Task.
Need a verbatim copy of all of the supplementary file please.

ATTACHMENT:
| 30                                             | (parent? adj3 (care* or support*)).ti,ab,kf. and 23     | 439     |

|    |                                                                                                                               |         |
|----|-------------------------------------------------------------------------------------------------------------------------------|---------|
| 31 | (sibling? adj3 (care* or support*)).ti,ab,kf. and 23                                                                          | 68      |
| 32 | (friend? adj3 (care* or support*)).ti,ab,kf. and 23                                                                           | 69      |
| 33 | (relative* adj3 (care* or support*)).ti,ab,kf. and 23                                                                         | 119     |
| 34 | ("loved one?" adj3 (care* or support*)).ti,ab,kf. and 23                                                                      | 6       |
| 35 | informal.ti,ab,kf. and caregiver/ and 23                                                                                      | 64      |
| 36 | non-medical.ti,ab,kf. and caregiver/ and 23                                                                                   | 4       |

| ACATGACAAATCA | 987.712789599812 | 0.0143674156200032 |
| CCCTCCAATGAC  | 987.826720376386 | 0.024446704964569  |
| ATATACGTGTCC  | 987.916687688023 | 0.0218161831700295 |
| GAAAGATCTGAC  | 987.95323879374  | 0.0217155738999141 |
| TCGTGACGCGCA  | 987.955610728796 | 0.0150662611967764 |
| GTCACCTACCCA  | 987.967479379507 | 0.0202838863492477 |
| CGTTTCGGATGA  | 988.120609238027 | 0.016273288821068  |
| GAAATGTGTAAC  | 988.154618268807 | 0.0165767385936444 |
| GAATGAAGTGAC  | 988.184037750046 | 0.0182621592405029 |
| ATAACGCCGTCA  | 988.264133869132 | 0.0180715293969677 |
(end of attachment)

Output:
| 30                                             | (parent? adj3 (care* or support*)).ti,ab,kf. and 23     | 439     |

|    |                                                                                                                               |         |
|----|-------------------------------------------------------------------------------------------------------------------------------|---------|
| 31 | (sibling? adj3 (care* or support*)).ti,ab,kf. and 23                                                                          | 68      |
| 32 | (friend? adj3 (care* or support*)).ti,ab,kf. and 23                                                                           | 69      |
| 33 | (relative* adj3 (care* or support*)).ti,ab,kf. and 23                                                                         | 119     |
| 34 | ("loved one?" adj3 (care* or support*)).ti,ab,kf. and 23                                                                      | 6       |
| 35 | informal.ti,ab,kf. and caregiver/ and 23                                                                                      | 64      |
| 36 | non-medical.ti,ab,kf. and caregiver/ and 23                                                                                   | 4       |

| ACATGACAAATCA | 987.712789599812 | 0.0143674156200032 |
| CCCTCCAATGAC  | 987.826720376386 | 0.024446704964569  |
| ATATACGTGTCC  | 987.916687688023 | 0.0218161831700295 |
| GAAAGATCTGAC  | 987.95323879374  | 0.0217155738999141 |
| TCGTGACGCGCA  | 987.955610728796 | 0.0150662611967764 |
| GTCACCTACCCA  | 987.967479379507 | 0.0202838863492477 |
| CGTTTCGGATGA  | 988.120609238027 | 0.016273288821068  |
| GAAATGTGTAAC  | 988.154618268807 | 0.0165767385936444 |
| GAATGAAGTGAC  | 988.184037750046 | 0.0182621592405029 |
| ATAACGCCGTCA  | 988.264133869132 | 0.0180715293969677 |